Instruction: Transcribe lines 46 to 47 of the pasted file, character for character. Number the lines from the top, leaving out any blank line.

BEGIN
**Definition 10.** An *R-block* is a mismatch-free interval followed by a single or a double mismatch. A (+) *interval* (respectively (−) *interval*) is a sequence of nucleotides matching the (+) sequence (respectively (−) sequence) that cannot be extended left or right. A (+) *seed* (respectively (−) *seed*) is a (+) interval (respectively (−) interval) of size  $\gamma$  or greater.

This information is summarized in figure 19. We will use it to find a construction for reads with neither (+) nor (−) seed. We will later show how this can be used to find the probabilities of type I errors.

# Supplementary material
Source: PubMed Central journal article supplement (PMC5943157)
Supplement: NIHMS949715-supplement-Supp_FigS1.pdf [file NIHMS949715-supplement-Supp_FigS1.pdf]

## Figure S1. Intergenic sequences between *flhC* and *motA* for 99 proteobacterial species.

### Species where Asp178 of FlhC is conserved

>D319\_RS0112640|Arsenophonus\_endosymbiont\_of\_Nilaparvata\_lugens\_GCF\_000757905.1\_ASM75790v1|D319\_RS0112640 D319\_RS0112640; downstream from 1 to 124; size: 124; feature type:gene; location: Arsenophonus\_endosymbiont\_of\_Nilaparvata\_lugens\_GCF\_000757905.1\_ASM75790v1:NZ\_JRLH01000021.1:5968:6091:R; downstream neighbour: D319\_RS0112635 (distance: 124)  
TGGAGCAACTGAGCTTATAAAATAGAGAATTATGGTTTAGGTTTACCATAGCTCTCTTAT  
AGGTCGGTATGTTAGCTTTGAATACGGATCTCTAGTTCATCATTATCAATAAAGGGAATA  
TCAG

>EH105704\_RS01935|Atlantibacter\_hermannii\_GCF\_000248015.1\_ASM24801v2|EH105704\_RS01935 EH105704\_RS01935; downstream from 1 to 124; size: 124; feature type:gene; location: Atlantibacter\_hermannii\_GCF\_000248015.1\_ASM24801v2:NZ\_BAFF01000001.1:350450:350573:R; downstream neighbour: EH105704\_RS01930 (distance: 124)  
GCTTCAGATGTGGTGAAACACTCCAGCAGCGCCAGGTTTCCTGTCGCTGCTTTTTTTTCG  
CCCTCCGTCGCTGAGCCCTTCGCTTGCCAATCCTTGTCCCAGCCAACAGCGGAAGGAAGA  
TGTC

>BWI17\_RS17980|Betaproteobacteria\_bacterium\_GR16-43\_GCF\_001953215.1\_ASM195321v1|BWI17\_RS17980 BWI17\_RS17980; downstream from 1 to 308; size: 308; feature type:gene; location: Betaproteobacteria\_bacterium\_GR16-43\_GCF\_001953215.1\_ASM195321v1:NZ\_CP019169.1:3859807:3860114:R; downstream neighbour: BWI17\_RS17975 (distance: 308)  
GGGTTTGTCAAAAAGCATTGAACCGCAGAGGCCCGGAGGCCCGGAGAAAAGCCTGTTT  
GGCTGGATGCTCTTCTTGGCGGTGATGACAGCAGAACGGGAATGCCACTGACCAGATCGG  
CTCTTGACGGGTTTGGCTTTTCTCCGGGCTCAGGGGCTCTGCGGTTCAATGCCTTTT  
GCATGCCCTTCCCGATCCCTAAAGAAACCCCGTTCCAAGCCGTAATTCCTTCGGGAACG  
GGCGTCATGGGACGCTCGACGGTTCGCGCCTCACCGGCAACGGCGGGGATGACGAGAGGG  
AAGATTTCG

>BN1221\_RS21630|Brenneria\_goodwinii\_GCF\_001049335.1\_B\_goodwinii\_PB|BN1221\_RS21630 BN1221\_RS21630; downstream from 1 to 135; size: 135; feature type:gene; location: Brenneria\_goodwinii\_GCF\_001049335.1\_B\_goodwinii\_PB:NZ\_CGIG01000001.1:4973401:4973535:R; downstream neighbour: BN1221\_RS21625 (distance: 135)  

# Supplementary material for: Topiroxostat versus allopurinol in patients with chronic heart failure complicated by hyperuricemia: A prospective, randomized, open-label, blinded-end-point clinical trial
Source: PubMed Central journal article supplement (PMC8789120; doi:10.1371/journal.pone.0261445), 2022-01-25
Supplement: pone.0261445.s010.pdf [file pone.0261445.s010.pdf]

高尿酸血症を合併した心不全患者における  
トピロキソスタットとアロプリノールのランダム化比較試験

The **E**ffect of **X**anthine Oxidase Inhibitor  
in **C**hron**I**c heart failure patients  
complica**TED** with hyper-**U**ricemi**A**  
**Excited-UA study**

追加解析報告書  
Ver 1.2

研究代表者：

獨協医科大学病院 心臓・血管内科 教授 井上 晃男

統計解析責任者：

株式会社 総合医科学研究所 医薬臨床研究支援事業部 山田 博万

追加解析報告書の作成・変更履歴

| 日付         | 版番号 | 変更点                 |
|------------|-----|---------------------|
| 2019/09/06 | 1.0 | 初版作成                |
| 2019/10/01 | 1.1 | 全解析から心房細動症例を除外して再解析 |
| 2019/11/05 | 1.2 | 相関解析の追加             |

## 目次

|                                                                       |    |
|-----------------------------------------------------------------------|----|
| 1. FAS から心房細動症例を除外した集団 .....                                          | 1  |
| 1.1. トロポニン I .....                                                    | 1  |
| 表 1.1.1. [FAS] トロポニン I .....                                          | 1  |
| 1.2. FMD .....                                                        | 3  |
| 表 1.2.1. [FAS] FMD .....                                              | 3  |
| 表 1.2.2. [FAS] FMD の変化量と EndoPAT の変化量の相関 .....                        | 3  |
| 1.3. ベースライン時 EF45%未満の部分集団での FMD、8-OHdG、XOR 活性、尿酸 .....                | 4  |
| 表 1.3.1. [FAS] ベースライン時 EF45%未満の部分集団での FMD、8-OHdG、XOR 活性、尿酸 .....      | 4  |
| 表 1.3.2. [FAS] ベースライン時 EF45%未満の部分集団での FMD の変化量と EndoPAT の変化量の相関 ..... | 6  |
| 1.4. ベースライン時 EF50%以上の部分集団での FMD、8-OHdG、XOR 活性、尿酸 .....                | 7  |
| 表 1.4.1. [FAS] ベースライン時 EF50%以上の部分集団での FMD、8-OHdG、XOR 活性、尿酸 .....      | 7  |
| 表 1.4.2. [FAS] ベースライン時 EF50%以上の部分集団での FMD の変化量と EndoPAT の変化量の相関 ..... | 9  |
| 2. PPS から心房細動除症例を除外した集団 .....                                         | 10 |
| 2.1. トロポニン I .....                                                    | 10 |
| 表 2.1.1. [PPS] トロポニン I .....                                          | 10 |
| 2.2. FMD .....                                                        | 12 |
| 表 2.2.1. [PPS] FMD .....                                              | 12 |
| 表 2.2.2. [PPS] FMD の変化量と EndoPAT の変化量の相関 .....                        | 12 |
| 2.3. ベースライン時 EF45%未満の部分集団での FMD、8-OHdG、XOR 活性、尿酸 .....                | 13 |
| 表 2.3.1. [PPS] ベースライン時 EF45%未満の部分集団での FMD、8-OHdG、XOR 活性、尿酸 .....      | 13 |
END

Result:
|                                                                       |    |
|-----------------------------------------------------------------------|----|